Over the past couple of weeks, I've decided to create some high quality profiles for some of my commonly used papers, specifically for gallery and portfolio prints.
I've profiled 4 different papers, with Bill Atkinson's 2300 patch targets, and my EyeOne UV.
Unfortunately, the results I'm getting are not satisfactory to my eye. Shadow and highlight details are slightly worse than canned profiles, and there are slight color shifts in the reds and blues. My deep reds look more like orange, and my blues more purple.
I've scanned the papers 4 times, and after comparing the data, some patches were off by more than delta 3.0, specifically the darker patches.
My guess is that my EyeOne is just not capable of creating accurate/repeatable results, when used manually.
Now, I would like to step it up a bit to get the best profiles I could possibly make in-house.
I don't plan on doing much profiling, and time is not an issue for me. Would a used Spectrolino provide me with accurate and repeatable results compared to a newer device such as the iSis, or is the iSis a more accurate device overall?
At first, this almost sounded like a cross-post of this:http://luminous-landscape.com/forum/index....showtopic=43179
...but it turns out it's not.
First things first, you don't mention what papers you've tried to profile and what profiling package you're using. The problems with your current profiles could be as much to do with your profiling software as the instrument you're using.
As far as your EyeOne, I would say it's capable of *accuracy* but that's different than repeatability. I would agree that the EyeOne is one of the least *repeatable* spectros, especially when used with an iO table. iO tables have real, easily demonstrable issues when it comes to repeatability. The EyeOne and EyeOne iO are very versatile instruments but repeatability and consistency are not one of their strong suits.
As to the question of iSis vs. Spectrolino/Spectroscan, that's a very tough call. I have both (and an EyeOne, DTP70 and DTP41). I personally could not live without both instruments, although if I were forced to choose, I'd probably have to go with the iSis solely for it's speed (it's easily 10-15x faster than a Spectroscan). As far as consistency, I would give the nod to the iSis but I haven't done any formal tests compared to the Spectrolino/Spectroscan. I did some tests a couple of years ago against an iCColor and DTP70. The iCColor was NOT very consistent and, while the DTP70 proved to be very consistent/repeatable, the iSis had fully HALF the delta E error/variation as the DTP70. Suffice to say that the iSis is probably the most consistent/repeatable instrument you can get. My gut feeling is that the Spectrolino/Spectroscan is very repeatible as well, probably falling in between the EyeOne Pro and the iSis. *Accuracy* on the other hand is something that is extremely difficult, if not impossible, to quantify. To do that, you'd need a "golden spectro" to compare your instrument against and possibly "synchronize" your spectro to. X-Rite has technology that is capable of doing that but it's only for select spectros used for industrial and graphic arts applications. I've personally used their NetProfiler product for spectro synchronization/verification but it currently only works with one instrument, the XRite/GretagMacbeth SpectroEye (basically a hand=held Spectrolino but with a LCD display, intended to be used in a pressroom and for ink formulation, not as a general spectro for profiling).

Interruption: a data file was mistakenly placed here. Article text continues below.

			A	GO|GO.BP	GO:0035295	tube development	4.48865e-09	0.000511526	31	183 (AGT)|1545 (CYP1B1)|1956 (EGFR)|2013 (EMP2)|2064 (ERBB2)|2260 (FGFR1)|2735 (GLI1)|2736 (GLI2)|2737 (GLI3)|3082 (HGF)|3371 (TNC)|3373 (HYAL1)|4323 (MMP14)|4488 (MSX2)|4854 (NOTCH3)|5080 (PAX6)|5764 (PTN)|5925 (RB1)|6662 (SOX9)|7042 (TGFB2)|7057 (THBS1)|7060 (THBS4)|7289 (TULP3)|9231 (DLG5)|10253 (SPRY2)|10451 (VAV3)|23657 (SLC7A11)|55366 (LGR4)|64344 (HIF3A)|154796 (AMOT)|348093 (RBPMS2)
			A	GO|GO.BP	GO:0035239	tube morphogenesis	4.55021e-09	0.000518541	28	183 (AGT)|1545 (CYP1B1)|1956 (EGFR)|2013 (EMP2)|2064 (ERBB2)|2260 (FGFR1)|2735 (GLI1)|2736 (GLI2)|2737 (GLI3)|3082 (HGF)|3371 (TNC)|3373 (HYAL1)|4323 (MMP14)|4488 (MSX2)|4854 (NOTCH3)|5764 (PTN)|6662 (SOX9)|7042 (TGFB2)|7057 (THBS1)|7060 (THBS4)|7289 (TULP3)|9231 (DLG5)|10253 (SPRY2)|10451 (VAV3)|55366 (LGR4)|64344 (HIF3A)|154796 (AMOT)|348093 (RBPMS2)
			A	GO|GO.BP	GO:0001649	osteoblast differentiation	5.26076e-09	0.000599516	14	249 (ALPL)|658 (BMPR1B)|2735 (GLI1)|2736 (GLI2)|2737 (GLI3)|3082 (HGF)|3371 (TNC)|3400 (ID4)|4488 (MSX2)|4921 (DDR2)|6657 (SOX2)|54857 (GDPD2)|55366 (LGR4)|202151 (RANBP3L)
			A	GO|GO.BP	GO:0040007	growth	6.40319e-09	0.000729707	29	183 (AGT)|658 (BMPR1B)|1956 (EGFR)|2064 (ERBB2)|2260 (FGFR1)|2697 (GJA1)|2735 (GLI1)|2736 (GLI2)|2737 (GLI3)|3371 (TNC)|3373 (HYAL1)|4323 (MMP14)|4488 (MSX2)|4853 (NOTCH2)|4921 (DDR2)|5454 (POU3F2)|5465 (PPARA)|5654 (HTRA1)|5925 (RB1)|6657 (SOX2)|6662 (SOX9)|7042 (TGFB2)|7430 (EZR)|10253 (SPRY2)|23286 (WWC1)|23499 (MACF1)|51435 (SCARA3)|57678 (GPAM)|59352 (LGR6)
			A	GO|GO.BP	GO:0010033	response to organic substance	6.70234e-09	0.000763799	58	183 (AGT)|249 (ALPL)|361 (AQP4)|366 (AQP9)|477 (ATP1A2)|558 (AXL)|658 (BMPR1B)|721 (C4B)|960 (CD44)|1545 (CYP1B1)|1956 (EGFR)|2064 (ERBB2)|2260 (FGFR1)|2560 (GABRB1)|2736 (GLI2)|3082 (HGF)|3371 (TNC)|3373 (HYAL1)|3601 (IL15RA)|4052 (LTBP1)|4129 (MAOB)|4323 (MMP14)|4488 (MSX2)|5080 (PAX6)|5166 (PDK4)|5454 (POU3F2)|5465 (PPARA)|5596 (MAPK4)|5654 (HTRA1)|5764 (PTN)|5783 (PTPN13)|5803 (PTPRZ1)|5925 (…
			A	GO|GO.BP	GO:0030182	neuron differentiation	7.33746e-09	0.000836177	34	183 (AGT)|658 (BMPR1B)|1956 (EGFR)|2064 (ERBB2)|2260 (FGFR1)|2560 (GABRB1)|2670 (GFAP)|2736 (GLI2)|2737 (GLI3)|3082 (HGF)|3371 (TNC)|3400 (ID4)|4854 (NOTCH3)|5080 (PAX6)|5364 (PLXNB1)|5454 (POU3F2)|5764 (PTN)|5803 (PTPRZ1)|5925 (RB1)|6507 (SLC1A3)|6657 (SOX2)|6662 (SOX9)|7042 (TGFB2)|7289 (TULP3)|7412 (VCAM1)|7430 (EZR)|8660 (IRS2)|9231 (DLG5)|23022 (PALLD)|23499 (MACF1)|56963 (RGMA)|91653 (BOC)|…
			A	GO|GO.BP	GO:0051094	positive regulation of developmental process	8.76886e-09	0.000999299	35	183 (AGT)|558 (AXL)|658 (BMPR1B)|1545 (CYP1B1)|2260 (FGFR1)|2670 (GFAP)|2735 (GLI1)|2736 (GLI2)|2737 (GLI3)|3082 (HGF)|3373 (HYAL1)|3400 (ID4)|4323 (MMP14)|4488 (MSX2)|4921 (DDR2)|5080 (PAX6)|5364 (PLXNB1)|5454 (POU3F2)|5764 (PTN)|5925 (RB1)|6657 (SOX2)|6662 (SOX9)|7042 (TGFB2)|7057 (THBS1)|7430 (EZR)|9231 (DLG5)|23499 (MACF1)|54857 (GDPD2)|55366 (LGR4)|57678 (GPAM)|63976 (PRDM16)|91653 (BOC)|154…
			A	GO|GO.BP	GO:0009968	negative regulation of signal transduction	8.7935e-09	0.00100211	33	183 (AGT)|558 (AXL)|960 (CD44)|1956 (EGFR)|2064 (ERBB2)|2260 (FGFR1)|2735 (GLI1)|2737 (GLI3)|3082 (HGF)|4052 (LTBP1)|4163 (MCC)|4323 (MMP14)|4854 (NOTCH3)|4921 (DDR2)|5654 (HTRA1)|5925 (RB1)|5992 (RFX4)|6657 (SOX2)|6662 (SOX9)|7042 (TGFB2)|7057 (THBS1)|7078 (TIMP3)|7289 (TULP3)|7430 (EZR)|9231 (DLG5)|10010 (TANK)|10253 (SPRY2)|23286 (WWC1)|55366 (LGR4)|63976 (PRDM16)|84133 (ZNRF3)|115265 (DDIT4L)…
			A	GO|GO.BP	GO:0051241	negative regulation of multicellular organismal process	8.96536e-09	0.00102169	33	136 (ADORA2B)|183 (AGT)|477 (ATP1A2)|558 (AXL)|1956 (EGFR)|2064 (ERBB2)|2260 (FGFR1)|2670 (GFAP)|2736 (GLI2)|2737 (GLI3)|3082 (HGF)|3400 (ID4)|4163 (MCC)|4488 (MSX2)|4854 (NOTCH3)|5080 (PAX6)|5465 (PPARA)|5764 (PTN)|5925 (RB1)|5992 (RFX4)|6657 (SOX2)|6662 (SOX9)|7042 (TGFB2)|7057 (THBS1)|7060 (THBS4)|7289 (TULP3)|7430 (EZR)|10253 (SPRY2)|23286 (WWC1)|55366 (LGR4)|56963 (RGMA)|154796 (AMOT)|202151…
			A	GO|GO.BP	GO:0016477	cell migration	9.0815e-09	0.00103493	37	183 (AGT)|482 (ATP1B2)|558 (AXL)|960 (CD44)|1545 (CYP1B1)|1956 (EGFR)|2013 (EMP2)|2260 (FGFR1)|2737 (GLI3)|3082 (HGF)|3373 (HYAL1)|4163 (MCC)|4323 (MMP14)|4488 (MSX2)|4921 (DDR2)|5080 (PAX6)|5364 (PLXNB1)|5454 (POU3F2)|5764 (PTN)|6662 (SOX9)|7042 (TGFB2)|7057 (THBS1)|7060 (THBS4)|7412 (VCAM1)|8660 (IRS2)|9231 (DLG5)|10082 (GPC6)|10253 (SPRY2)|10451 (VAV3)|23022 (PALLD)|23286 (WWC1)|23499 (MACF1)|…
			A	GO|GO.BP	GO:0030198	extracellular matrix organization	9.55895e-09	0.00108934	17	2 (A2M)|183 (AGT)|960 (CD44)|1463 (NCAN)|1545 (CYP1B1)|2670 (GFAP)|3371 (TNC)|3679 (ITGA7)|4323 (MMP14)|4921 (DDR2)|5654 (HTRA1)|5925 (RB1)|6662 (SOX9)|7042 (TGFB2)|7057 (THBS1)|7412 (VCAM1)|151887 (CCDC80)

I think the kicker would be the type of papers you're currently using and would like to profile. While I probably use my iSisXL for 95% of my profiling, there's ONE application where I still dust off my Spectrolino/Spectroscan-T and that's when measuring matte or "uncoated" fine art papers. While the iSis and Spectrolino can be switched between "no filter" and "UV-cut" filters, the Spectrolino also has the option of using a Polarization filter. This filter is frankly amazing when using it to profile matte/uncoated papers. The "POL" filter essentially reads the ink+paper without being confused with the surface texture and diffusion/scatter that happens. A profile built from polarization measurements will reveal shadow detail, even with relative colorimetric rendering, that will just blow you away, instead of the usual shadow clipping that would occur. I will often measure a matte surface paper with both "no filter" and with polarization and blend the two sets of measurements together until I get just the right amount of shadow rendering. The polarization filter also has mild UVcut characteristics where it sort of attenuates but doesn't eliminate the effect of optical brighteners in the paper.
So what to do?
If it were me and I had a fair amount of profiling to do and I was mostly dealing with gloss/semigloss/semimatte "coated" photo papers, I'd stick with an iSis for sure.....but if the majority of my papers were of the matte/"uncoated" fine art variety....and I had all the time in the world to devote to profiling.....I'd seriously consider getting a used Spectrolino/Spectroscan, preferably the later vintage "purple" units. If you go that route, make sure that you get the UVcut filter for the Spectrolino. While the polarization was included with these units, the UVcut filter was optional so not all units will have this filter. Last I checked, these were about $75 to purchase separately.
Does this help?